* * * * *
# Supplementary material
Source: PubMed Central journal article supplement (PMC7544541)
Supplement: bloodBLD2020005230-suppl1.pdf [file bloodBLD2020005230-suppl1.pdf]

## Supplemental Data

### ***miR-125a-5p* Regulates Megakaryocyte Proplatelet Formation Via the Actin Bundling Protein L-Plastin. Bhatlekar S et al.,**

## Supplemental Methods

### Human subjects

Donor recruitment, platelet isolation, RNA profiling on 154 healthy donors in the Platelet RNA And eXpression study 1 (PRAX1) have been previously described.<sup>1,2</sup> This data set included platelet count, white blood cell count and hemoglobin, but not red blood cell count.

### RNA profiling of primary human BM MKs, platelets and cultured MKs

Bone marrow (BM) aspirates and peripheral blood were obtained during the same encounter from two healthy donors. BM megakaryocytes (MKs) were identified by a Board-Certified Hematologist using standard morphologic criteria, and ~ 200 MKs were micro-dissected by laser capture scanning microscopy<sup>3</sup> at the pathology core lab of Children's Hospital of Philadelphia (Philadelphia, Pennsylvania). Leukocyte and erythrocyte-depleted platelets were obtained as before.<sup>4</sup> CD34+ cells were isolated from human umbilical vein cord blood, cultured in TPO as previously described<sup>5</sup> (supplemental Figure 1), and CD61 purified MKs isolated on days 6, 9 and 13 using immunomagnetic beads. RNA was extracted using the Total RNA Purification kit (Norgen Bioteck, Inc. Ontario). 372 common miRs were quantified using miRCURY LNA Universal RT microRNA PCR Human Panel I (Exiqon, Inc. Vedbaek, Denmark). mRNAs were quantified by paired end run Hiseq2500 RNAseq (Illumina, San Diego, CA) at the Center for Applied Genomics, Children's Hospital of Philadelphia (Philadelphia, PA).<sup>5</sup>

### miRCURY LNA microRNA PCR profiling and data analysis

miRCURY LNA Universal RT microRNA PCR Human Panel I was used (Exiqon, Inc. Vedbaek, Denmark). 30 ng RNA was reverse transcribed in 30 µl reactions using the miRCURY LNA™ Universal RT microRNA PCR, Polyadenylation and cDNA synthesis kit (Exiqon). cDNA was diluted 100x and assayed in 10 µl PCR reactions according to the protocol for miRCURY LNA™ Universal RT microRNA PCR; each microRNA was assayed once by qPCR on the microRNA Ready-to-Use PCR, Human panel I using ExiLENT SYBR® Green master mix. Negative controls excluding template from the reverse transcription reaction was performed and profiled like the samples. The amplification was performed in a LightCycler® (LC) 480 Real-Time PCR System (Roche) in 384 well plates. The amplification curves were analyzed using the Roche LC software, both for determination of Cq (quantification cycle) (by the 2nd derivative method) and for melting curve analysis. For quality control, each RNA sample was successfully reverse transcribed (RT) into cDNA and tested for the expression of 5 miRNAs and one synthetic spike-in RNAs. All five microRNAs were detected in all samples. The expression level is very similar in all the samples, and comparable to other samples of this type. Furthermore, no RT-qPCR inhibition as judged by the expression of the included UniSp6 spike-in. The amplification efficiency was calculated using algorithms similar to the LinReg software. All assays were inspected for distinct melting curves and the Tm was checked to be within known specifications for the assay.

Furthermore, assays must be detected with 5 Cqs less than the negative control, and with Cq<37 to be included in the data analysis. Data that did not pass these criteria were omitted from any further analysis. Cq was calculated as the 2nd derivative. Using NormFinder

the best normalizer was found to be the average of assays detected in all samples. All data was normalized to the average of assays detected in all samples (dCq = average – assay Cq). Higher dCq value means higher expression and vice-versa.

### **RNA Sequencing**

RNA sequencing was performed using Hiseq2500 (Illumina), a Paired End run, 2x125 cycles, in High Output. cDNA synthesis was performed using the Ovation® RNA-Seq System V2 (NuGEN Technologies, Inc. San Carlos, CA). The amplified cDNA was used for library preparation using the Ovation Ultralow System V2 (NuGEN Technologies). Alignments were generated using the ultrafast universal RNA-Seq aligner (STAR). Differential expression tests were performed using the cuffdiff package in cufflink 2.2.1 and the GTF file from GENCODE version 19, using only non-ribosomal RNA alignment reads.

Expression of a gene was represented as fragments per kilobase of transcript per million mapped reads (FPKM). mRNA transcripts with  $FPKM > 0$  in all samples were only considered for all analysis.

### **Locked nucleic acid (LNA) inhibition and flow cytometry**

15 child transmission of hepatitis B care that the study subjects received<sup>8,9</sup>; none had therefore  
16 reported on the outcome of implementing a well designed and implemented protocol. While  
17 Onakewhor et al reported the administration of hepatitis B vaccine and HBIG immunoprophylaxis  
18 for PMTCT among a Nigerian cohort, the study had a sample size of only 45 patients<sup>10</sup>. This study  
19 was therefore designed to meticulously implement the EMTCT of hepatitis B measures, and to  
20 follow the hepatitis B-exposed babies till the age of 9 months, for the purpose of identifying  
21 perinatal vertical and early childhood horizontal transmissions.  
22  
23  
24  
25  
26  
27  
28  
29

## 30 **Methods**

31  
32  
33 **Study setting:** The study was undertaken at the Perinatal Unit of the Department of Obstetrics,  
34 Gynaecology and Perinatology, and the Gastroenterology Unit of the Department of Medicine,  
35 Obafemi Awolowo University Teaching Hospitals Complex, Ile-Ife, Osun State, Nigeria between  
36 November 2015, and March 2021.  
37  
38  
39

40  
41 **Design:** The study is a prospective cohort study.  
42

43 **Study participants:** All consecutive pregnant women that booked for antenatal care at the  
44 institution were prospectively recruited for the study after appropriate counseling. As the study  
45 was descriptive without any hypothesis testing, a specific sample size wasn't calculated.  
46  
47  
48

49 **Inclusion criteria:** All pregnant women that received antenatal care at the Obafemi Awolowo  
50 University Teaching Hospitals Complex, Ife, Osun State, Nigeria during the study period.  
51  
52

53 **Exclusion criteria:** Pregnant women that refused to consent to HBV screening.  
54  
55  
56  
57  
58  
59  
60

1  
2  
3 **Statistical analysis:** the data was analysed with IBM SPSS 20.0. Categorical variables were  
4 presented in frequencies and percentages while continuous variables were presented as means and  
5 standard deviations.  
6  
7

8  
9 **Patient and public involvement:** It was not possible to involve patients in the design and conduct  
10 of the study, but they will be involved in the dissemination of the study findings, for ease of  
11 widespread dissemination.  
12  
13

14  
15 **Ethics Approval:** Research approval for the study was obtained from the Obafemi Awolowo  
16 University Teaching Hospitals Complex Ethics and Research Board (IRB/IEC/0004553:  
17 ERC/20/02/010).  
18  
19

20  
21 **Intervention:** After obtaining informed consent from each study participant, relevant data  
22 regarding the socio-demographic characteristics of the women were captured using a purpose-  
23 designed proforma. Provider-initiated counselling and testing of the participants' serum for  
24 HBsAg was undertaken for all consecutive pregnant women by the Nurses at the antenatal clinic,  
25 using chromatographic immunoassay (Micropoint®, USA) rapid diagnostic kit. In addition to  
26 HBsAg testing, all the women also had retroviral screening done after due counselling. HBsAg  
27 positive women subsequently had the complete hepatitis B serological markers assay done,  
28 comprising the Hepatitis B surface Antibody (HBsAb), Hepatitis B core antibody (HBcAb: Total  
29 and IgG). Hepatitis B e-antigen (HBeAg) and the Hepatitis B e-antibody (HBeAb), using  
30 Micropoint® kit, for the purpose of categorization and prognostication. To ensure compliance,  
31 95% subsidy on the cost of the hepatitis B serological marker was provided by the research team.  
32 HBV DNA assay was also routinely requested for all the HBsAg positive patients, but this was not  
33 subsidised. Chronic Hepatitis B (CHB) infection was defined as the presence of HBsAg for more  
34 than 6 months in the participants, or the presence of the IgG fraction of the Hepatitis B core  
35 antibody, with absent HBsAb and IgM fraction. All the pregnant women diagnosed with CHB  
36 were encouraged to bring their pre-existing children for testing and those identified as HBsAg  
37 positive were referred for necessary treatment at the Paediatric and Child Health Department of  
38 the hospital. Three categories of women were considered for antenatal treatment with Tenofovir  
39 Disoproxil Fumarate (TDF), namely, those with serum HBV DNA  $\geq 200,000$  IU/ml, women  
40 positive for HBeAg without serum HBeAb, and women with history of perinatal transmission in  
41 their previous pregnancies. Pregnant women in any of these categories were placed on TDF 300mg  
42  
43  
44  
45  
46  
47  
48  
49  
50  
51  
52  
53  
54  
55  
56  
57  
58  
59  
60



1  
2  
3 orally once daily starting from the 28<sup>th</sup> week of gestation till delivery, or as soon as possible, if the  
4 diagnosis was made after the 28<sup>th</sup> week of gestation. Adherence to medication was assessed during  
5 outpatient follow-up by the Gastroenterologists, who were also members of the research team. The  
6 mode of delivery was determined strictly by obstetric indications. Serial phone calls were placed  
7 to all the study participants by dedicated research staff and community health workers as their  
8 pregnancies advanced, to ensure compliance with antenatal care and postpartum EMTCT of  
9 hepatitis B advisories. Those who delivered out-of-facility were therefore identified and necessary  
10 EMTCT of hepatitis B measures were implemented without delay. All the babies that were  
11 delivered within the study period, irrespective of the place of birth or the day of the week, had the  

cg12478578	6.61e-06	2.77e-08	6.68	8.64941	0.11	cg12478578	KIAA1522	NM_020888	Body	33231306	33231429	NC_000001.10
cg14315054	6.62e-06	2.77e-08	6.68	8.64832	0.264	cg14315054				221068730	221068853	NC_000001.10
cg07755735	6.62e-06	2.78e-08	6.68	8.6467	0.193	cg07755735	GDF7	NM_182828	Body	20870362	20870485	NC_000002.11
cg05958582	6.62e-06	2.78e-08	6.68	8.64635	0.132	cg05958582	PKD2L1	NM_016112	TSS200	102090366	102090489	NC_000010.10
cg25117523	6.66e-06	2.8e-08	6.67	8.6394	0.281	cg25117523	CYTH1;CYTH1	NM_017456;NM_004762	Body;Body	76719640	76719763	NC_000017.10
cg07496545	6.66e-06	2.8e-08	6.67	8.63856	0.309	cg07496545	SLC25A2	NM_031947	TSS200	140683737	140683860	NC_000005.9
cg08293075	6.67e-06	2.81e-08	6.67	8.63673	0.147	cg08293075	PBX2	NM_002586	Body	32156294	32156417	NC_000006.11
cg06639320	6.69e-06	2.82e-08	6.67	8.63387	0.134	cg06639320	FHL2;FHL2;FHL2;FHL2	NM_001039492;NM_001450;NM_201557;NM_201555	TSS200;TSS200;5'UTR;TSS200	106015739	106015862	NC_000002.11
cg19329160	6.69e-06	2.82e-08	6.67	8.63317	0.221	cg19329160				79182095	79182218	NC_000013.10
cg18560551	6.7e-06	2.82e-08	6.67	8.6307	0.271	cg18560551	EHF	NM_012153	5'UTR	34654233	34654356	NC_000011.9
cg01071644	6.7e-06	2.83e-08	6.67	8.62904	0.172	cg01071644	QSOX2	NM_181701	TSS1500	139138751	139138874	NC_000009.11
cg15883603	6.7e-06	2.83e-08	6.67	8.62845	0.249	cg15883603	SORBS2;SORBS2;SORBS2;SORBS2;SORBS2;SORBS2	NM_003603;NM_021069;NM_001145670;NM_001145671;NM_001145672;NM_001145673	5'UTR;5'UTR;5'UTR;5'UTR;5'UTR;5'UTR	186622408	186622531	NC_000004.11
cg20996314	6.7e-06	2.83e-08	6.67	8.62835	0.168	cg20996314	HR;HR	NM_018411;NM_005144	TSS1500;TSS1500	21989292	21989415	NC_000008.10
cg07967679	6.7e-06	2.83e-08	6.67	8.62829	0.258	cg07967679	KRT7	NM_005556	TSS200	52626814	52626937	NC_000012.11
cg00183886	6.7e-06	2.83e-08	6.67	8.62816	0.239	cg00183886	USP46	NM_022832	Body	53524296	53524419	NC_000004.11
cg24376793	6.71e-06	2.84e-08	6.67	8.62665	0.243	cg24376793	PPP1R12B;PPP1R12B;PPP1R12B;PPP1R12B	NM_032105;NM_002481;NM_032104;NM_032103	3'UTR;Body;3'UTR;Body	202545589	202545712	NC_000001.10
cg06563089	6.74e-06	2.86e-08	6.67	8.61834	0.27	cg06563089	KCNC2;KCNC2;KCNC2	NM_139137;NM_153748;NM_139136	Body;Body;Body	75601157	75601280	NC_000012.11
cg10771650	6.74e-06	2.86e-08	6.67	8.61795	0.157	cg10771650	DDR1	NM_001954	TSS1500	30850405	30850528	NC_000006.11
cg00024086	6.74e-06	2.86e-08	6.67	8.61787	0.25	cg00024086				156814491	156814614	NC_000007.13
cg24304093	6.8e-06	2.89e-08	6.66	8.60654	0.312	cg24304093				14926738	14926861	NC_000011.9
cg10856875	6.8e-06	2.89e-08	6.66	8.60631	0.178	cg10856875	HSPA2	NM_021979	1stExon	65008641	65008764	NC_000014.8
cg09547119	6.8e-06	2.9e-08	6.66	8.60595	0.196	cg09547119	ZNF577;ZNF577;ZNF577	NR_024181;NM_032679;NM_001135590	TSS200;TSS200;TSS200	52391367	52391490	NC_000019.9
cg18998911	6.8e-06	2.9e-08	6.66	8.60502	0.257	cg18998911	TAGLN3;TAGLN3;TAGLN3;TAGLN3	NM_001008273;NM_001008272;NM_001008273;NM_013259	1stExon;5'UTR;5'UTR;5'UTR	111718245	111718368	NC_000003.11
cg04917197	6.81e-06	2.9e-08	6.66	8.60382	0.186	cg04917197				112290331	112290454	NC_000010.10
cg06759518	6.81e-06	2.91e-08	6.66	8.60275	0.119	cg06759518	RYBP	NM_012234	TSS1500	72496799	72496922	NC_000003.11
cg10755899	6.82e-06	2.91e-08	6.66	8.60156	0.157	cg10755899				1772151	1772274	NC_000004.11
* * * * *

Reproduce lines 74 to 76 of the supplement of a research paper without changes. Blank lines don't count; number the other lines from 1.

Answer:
10 of the study, but they will be involved in the dissemination of the study findings, for ease of  
11 widespread dissemination.  
12  